Congenital anomalies are a leading cause of death among infants worldwide, and genetic factors play a major role in most of the cases. One of the largest genetic studies to be carried out in children has just uncovered 14 new genes responsible for developmental disorders.
Congenital anomalies are responsible for the death of more than 300,000 infants worldwide. These anomalies often include developmental disorders, including neural tube defects, heart defects, autism, Down syndrome, or other forms of intellectual disability.
For over 50 percent of these anomalies, researchers do not yet know the cause. They do, however, know that genes play a key role.
There are currently more than 1,000 recognized genetic causes for some of the developmental disorders. However, given that most developmental disorders are very rare, many more pathogenic variants remain unknown.
The Deciphering Developmental Disorders (DDD) study aimed to identify developmental disorders in children, and use genomic technologies to improve diagnosing.
DDD is the largest genetic study of children with previously undiagnosed developmental disorders to date. It involved 200 clinical geneticists from the National Health Service (NHS) in the United Kingdom. They examined more than 20,000 human genes, and included children from around 4,000 families from the U.K. and the Republic of Ireland.
The results have been published in the journal Nature.
The DDD study was carried out by researchers from the Wellcome Trust Sanger Institute in Cambridge, U.K., and it was co-led by Dr. Matthew Hurles and Jeremy McRae.
The research involved the exome sequencing of 4,293 families that had at least one member with a severe but undiagnosed developmental disorder.
Exome sequencing is a common and effective way of selectively sequencing the protein-coding regions of the DNA in order to discover genetic variations associated with disorders.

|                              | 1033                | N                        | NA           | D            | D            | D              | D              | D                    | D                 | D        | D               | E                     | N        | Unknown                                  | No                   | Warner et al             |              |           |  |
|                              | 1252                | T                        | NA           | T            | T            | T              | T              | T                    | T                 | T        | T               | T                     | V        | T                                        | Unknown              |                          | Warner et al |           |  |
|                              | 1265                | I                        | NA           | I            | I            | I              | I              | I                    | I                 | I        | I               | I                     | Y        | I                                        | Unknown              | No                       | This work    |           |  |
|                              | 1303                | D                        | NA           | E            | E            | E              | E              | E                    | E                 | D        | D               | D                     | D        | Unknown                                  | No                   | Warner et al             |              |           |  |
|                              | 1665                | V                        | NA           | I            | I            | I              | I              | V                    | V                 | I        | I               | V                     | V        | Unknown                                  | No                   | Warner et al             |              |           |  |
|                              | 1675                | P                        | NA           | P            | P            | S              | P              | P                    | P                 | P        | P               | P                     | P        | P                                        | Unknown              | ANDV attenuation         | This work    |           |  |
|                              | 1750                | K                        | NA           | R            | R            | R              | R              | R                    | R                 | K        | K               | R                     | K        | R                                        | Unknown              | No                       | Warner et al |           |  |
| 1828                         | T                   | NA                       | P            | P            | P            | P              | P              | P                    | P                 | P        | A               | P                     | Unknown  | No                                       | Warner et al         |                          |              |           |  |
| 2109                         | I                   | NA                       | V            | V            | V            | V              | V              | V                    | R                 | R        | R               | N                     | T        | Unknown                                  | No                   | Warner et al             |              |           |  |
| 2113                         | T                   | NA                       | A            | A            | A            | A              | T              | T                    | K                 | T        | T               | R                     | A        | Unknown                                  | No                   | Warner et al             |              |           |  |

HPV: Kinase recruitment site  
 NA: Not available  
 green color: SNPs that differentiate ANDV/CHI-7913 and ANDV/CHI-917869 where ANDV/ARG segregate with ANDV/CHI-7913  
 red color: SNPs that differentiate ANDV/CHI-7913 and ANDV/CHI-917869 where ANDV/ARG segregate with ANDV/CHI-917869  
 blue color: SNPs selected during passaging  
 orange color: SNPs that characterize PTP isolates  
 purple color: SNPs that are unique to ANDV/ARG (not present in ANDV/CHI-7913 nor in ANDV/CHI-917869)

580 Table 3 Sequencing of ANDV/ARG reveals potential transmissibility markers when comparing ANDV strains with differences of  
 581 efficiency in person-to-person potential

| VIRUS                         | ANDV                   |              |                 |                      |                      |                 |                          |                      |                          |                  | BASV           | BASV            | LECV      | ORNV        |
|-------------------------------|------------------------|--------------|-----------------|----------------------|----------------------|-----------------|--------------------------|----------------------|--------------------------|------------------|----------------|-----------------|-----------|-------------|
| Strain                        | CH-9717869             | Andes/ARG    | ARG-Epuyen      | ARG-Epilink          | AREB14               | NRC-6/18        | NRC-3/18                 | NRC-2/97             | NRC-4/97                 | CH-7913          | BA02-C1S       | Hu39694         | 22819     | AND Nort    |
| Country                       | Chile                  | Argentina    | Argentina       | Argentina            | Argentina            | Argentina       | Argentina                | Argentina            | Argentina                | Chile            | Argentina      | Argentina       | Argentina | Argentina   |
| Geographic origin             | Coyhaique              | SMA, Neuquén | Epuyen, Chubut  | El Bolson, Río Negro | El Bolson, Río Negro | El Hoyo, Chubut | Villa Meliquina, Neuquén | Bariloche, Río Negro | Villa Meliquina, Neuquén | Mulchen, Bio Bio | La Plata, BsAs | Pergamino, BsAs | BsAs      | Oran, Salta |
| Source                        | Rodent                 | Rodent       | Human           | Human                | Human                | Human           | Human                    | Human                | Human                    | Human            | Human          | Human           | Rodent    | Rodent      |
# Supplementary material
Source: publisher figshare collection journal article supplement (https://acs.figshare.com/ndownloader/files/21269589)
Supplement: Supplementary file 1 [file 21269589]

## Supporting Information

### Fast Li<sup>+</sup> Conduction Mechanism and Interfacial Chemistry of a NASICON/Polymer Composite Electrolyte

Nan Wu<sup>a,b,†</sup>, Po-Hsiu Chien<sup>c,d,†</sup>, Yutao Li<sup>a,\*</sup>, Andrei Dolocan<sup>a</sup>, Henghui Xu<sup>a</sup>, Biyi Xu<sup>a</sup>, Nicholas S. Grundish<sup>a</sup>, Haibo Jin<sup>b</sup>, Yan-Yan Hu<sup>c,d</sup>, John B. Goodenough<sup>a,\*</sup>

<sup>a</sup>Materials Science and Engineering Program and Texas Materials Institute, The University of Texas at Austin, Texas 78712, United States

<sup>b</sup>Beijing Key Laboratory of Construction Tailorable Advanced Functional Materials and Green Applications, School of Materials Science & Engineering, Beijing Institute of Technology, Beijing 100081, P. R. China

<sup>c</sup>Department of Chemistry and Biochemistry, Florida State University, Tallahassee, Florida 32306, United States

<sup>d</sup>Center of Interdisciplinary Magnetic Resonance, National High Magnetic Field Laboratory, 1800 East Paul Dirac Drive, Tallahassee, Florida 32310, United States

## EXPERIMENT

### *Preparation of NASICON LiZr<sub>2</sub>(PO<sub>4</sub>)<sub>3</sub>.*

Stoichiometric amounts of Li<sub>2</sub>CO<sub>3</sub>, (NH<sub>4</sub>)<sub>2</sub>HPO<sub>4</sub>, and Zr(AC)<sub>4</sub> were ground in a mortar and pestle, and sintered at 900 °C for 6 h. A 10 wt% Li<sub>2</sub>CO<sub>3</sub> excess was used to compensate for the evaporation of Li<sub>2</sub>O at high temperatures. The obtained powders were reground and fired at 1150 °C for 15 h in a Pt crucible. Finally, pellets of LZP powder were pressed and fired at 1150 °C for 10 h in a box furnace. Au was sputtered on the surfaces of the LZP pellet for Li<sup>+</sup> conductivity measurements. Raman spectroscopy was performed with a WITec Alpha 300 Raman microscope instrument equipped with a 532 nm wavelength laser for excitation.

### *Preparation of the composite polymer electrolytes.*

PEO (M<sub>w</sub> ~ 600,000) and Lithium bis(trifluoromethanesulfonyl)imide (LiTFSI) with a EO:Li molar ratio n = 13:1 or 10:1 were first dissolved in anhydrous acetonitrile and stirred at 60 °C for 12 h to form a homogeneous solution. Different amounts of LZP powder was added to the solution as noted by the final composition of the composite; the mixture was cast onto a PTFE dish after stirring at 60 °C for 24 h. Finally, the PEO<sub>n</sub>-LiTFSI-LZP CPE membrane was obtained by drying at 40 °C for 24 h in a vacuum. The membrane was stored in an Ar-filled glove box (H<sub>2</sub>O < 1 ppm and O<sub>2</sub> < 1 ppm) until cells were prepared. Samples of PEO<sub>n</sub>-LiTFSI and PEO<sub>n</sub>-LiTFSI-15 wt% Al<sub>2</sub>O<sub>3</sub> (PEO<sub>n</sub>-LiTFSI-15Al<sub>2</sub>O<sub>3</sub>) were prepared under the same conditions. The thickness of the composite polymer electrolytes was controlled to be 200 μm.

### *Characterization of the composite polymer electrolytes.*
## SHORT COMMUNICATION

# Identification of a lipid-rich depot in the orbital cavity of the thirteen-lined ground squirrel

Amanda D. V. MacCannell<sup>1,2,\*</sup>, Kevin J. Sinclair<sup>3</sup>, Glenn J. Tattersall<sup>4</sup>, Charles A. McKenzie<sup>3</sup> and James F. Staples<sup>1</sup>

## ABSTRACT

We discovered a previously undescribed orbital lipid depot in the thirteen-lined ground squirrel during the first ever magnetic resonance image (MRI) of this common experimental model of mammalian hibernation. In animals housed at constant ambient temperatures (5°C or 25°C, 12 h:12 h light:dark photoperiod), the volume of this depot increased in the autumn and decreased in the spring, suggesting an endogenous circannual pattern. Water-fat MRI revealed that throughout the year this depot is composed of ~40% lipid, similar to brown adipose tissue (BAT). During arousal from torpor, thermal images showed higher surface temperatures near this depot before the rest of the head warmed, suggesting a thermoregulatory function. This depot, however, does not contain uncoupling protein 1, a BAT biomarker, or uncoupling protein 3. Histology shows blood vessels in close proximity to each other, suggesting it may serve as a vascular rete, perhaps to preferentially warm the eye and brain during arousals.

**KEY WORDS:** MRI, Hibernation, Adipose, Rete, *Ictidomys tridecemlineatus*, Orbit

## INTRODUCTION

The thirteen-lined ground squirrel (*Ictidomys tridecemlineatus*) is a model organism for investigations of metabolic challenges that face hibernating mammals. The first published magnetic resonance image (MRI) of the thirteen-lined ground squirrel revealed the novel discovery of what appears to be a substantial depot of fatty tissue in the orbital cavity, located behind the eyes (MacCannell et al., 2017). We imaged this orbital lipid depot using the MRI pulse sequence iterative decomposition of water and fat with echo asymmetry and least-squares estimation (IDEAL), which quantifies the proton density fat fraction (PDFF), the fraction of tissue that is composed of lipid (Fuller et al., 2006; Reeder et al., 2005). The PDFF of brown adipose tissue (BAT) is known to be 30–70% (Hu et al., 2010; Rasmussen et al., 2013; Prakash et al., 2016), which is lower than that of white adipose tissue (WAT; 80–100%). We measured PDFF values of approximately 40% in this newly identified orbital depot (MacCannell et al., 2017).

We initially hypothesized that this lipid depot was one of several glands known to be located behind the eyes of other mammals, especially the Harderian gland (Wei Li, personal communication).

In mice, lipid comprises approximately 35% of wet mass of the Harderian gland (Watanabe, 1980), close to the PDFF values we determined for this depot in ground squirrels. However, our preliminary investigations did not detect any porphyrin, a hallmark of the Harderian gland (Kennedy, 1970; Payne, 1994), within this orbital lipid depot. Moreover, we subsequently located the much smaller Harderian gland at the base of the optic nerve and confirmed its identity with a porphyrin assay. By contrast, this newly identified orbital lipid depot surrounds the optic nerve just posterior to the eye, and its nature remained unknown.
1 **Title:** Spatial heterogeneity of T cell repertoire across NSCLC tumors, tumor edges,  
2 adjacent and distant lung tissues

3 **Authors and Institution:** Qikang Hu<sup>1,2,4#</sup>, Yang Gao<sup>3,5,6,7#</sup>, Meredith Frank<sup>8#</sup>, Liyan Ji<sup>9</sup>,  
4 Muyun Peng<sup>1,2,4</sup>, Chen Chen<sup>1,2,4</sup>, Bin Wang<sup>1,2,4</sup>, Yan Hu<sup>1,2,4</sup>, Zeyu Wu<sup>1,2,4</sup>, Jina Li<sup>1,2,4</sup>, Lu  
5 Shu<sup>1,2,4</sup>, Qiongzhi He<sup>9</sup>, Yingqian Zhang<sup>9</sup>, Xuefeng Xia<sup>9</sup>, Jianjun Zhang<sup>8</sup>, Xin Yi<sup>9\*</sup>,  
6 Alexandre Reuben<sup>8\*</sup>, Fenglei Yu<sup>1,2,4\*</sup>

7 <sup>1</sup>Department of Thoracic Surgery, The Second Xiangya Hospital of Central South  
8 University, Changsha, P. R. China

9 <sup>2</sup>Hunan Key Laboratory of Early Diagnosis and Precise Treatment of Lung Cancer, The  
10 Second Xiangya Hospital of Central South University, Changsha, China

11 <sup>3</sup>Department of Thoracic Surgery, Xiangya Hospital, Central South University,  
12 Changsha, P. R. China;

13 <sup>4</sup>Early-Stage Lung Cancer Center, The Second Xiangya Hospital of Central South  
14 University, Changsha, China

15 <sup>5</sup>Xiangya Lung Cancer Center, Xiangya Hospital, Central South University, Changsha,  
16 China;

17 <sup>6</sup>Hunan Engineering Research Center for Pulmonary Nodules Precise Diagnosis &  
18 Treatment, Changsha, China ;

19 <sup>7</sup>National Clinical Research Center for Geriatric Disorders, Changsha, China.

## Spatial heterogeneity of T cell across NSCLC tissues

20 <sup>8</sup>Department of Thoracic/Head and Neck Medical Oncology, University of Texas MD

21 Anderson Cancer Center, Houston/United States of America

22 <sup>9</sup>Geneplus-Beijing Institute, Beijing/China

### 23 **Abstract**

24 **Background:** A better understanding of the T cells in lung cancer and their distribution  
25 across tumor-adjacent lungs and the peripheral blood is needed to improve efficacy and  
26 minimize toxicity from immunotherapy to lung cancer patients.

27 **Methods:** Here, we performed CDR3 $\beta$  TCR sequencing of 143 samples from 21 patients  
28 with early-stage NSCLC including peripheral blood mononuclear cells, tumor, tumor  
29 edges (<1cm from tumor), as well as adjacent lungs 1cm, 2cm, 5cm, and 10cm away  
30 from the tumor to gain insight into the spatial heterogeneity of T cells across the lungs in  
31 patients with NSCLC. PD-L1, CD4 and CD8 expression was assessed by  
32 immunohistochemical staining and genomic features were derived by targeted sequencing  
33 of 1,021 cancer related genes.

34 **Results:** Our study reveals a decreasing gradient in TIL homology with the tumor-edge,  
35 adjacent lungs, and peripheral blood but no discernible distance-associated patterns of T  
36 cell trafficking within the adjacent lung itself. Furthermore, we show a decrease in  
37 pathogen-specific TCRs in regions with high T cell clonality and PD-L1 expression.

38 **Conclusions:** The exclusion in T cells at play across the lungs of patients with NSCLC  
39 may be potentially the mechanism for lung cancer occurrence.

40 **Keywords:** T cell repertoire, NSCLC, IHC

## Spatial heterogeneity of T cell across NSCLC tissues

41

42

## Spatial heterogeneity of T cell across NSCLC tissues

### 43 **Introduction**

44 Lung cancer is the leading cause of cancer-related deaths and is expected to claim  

Exons represent approximately 2.5 percent of the human genome, which makes exome sequencing more efficient. This means that a large number of people can be examined in a more cost-effective and less time-consuming manner.
In the sequencing for this study, the team focused on spontaneously arising mutations that occur when the DNA is passed on from parents to children. These mutations – also called de novo or new mutations – are not present in either parent, but appear for the first time in one family member. This is as a result of a variant in the sperm or egg of the parent, or in the fertilized egg itself.
The children in the DDD study were also clinically assessed. Researchers then combined the clinical data with previous analyses of another 3,287 people living with similar disorders.
The results of the study revealed 94 genes that were particularly likely to have de novo mutations. Of these, 14 genes had not been previously recognized in developmental disorders.
Overall, the authors calculated that 42 percent of the study participants carried a damaging de novo mutation in their protein-coding DNA sequences.
Furthermore, they estimated that developmental disorders caused by new mutations affect, on average, 1 in 300 children in the U.K., which totals around 2,000 children every year.
Overall, depending on the age of the parents, the team report that between 1 in 213 and 1 in 448 children are affected by new mutation-induced developmental disorders. Worldwide, this means that almost 400,000 newly born children are affected by spontaneous mutations.
Dr. Matthew Hurles comments on the significance of the study:
“This study has the largest cohort of such families in the world, and harnesses the power of the NHS, with 200 clinical geneticists and 4,000 patients. The diagnoses we found were only possible because of the great collaborative effort. Finding a diagnosis can be a huge relief for parents and enables them to link up with other families with the same disorder. It lets them access support, plug into social networks and participate in research projects for that specific disorder.”
Professor David FitzPatrick – a supervising author based at the MRC Human Genetics Unit at the University of Edinburgh, U.K. – also emphasizes the benefits of the study for potential treatment and prevention. He says:
“Families search for a genetic diagnosis for their children, as this helps them understand the cause of their child’s disorder. This can help doctors better manage the child’s condition, and gives clues for further research into future therapeutics. In addition to this, a diagnosis can let parents know what the future holds for their child and the risk of any subsequent pregnancies being affected with the same disorder, which can be an enormous help if they want a larger family.”